Isaac:      Yes, Megemeria. The meaning of the word “megemeria” is genesis in Amharic, from the beginning. It really is something we took from the beginning that was not established or created before. Unfortunately, there are no other factories, not necessarily jewelry, nothing that does what we do. One of the things we always try to do is show other businesspeople that there are different ways to reach out. There is no reason why every successful business does not have a school or a program that will support the weaker link in that societal chain. That’s what we do. We want people to come and copy what we did because it’s a good thing.

Sharon:   It’s admirable and the story is fascinating. What is next for you and Yvel? Your mind must be going a million miles an hour in terms of ideas you have.

Isaac:      I can tell you that there are exciting plans for Megemeria, the social business side, and exciting plans for the Yvel side. From the Megemeria side, we are now working with a gentleman by the name of Reverend Eddy from Chicago that came to visit and saw our project and fell in love. We are trying to help him build the same concept of the school, Megemeria, but instead of Jerusalem to do it in Chicago, and instead of reaching out to the Ethiopian community in Israel to reach out to the ex-convicts of Chicago. But it is the same idea, to give them a chance through teaching and through providing jobs after their studies, so that’s a very exciting program that we are working on.

From the Yvel side, I can tell you that just a few days ago, we signed an agreement with the biggest and most luxurious horse show in the world. We are going to be partners to that horse show that does very exclusive horse competitions around the world, starting in March in Doha and ending in late September in New York. Yvel will be the official jeweler for that competition. We’re going to be participating in the major competition under the brand Yvel, showing the crème de la crème of what we have to offer to the crème de la crème of people that can afford it. We’re talking about the daughter of Bill Gates, who is jumping there, and the daughter of Michael Bloomberg who jumps there, and a lot of other extremely wealthy families. We hope that during 2020 we will become, slowly but surely, the jewelers of these people. It’s always nice for me to remember that at the end of the day, we started as two kids from Jerusalem with 2000 bucks to string pearls. Every year we try to achieve something, and that’s the upcoming year’s achievement, hopefully.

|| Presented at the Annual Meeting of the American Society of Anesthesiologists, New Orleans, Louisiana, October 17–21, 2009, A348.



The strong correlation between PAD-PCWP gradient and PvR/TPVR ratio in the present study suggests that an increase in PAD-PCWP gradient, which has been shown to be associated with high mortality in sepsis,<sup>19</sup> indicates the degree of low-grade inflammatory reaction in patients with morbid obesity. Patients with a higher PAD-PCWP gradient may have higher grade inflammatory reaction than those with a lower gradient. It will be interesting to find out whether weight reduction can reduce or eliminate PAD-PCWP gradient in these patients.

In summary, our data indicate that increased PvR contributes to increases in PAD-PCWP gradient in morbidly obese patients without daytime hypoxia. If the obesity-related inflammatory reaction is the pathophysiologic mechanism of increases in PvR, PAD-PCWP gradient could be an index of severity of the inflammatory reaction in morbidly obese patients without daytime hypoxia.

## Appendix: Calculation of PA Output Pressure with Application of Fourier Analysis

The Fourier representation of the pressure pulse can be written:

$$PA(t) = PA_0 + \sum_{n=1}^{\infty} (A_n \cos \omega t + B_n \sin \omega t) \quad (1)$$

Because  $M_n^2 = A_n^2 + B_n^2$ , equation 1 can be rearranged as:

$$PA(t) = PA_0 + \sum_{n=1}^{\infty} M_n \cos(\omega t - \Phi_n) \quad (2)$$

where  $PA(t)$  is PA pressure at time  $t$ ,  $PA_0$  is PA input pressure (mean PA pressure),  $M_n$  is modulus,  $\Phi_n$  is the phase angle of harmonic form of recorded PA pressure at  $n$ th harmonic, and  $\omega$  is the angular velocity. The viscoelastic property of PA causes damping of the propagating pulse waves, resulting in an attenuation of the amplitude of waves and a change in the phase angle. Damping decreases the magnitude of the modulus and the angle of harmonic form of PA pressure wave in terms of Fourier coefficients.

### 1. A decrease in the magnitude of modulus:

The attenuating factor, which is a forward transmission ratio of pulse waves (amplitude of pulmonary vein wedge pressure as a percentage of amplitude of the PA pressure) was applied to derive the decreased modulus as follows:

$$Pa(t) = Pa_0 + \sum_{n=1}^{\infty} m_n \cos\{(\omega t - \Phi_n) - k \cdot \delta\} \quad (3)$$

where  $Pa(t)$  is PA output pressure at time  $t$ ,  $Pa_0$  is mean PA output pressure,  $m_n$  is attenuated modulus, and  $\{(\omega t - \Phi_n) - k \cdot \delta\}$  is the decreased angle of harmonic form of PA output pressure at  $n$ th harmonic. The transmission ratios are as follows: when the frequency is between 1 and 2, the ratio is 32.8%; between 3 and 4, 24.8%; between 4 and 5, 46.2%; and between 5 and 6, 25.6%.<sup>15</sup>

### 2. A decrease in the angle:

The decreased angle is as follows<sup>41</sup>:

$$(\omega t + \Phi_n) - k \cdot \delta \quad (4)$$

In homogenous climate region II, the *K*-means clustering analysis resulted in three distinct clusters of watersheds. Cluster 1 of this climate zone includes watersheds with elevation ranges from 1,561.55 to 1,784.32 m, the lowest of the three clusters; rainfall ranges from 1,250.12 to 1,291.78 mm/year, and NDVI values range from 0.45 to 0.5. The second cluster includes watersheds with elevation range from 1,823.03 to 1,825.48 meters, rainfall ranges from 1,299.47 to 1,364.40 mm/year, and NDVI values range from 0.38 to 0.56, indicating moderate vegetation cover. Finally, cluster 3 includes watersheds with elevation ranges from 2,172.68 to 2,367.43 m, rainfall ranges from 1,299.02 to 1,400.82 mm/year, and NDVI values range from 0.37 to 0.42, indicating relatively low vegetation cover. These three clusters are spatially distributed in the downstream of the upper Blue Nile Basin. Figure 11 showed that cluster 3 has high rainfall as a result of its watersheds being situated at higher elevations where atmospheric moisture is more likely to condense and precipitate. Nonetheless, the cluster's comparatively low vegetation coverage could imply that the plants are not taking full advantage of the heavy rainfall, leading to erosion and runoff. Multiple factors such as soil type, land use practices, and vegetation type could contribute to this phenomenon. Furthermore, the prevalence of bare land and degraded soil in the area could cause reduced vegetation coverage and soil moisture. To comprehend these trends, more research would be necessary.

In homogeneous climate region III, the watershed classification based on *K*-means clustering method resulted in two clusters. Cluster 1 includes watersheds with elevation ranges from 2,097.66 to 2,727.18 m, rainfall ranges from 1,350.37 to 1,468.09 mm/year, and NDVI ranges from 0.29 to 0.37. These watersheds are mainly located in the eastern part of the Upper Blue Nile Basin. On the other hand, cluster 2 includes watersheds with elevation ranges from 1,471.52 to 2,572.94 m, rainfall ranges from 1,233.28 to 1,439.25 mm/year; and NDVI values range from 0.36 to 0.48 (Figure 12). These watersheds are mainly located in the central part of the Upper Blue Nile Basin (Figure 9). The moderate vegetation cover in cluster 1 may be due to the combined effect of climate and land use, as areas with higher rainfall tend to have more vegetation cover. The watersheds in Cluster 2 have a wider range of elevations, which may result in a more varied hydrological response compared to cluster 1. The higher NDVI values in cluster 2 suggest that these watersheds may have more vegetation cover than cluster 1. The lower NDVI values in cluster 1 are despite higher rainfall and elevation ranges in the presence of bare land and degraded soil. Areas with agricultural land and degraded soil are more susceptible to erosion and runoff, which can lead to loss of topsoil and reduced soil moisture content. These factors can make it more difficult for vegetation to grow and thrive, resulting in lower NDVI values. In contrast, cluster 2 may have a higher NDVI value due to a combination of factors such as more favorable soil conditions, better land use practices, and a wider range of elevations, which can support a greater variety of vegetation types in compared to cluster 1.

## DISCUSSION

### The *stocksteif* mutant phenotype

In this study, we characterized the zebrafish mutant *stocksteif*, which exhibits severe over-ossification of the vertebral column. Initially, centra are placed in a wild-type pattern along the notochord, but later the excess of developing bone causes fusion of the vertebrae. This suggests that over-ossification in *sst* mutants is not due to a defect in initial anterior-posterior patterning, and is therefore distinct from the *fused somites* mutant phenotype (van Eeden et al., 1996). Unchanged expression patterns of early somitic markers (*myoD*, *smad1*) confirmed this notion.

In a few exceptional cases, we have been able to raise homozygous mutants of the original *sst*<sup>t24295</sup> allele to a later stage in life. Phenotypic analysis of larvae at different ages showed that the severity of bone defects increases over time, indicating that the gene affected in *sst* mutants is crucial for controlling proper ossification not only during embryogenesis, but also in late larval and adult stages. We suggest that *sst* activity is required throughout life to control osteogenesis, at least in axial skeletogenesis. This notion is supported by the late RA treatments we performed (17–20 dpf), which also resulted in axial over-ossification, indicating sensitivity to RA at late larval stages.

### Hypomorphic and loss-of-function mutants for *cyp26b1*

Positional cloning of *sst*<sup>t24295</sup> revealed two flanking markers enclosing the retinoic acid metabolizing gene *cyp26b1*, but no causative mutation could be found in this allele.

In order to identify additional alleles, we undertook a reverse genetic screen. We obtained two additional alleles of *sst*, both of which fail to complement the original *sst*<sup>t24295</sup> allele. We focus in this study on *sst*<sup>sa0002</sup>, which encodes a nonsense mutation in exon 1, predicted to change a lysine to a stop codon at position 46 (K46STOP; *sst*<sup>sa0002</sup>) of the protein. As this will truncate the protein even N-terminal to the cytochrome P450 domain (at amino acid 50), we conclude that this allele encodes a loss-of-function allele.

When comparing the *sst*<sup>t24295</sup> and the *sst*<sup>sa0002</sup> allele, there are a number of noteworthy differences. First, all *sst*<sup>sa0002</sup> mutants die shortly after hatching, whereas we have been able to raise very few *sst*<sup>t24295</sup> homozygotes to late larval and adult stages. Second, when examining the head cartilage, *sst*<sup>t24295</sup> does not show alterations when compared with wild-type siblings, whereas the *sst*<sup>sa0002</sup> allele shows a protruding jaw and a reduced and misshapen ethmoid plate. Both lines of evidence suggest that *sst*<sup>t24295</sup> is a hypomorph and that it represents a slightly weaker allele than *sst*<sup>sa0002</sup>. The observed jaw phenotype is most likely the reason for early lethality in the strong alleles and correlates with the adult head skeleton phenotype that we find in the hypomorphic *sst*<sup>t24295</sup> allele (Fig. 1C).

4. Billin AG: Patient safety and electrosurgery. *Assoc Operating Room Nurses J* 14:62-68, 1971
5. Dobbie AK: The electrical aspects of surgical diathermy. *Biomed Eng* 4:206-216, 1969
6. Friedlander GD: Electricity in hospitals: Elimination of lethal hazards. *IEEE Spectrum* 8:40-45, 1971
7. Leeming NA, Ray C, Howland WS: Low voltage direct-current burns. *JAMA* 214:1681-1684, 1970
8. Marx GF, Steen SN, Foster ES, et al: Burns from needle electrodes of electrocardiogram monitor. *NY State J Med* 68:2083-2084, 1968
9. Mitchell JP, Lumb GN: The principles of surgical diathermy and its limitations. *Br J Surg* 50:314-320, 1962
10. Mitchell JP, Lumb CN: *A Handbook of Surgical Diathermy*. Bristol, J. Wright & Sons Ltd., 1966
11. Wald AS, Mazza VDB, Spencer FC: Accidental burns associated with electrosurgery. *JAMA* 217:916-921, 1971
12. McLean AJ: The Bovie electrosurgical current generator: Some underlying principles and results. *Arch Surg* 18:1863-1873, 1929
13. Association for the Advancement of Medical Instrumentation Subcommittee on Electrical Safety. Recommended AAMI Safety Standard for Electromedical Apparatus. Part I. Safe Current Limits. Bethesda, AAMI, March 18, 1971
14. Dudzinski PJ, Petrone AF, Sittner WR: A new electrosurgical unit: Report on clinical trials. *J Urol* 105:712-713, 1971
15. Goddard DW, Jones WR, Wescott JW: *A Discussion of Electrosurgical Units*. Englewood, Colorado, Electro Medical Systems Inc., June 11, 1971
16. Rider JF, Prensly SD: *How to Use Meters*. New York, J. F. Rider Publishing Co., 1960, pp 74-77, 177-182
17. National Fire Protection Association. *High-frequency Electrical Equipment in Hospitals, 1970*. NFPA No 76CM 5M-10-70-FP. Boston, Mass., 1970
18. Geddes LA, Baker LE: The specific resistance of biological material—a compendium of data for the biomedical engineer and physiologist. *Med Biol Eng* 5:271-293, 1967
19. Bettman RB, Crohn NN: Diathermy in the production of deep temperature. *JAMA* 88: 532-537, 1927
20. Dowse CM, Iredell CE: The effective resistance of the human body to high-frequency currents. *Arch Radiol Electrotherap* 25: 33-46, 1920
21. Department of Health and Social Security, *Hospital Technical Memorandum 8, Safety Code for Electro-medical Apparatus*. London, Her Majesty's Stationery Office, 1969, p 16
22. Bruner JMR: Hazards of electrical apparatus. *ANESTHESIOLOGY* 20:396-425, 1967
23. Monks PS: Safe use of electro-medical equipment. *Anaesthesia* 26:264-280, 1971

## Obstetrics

Sharon:   That sounds exciting and very different. Thank you so much for telling us about your story and your upcoming plans. It’s fascinating and inspiring. Thank you very much, Isaac, we really appreciate your being here.

Isaac:      I’m not there in L.A., but I am in the United States. I thank you for the time and for the opportunity to share my story with your audience.

Sharon:   You’re in Palm Beach right now. As I was listening to you, I thought, “I wonder if you’ll ever get a chance to unpack your suitcase at home.” It sounds like you’re always on the road.

Isaac:  The truth of the matter is that at this time, I was lucky to unpack because I’m here for the next couple of weeks. We already did one contemporary show about 10 days ago, and now we’re doing the second one on February 13th and then we keep traveling. This is the life of someone that is looking constantly to bring enough work to Israel, to the 150 people that we need to make sure they have enough work. So yeah, that’s my life. I don’t complain. I’ve very happy.

Sharon:   It sounds fabulous and hectic, and it sounds exhausting and invigorating. Thank you so much for sharing with us. To everyone listening, that wraps up another episode of the Jewelry Journey. If you like what you heard and you would like to hear more, you can subscribe on iTunes or wherever you download your podcasts, and please review us. We’ll be back next time with another thought-provoking guest giving us their professional take on the world of jewelry. Thank you so much for listening.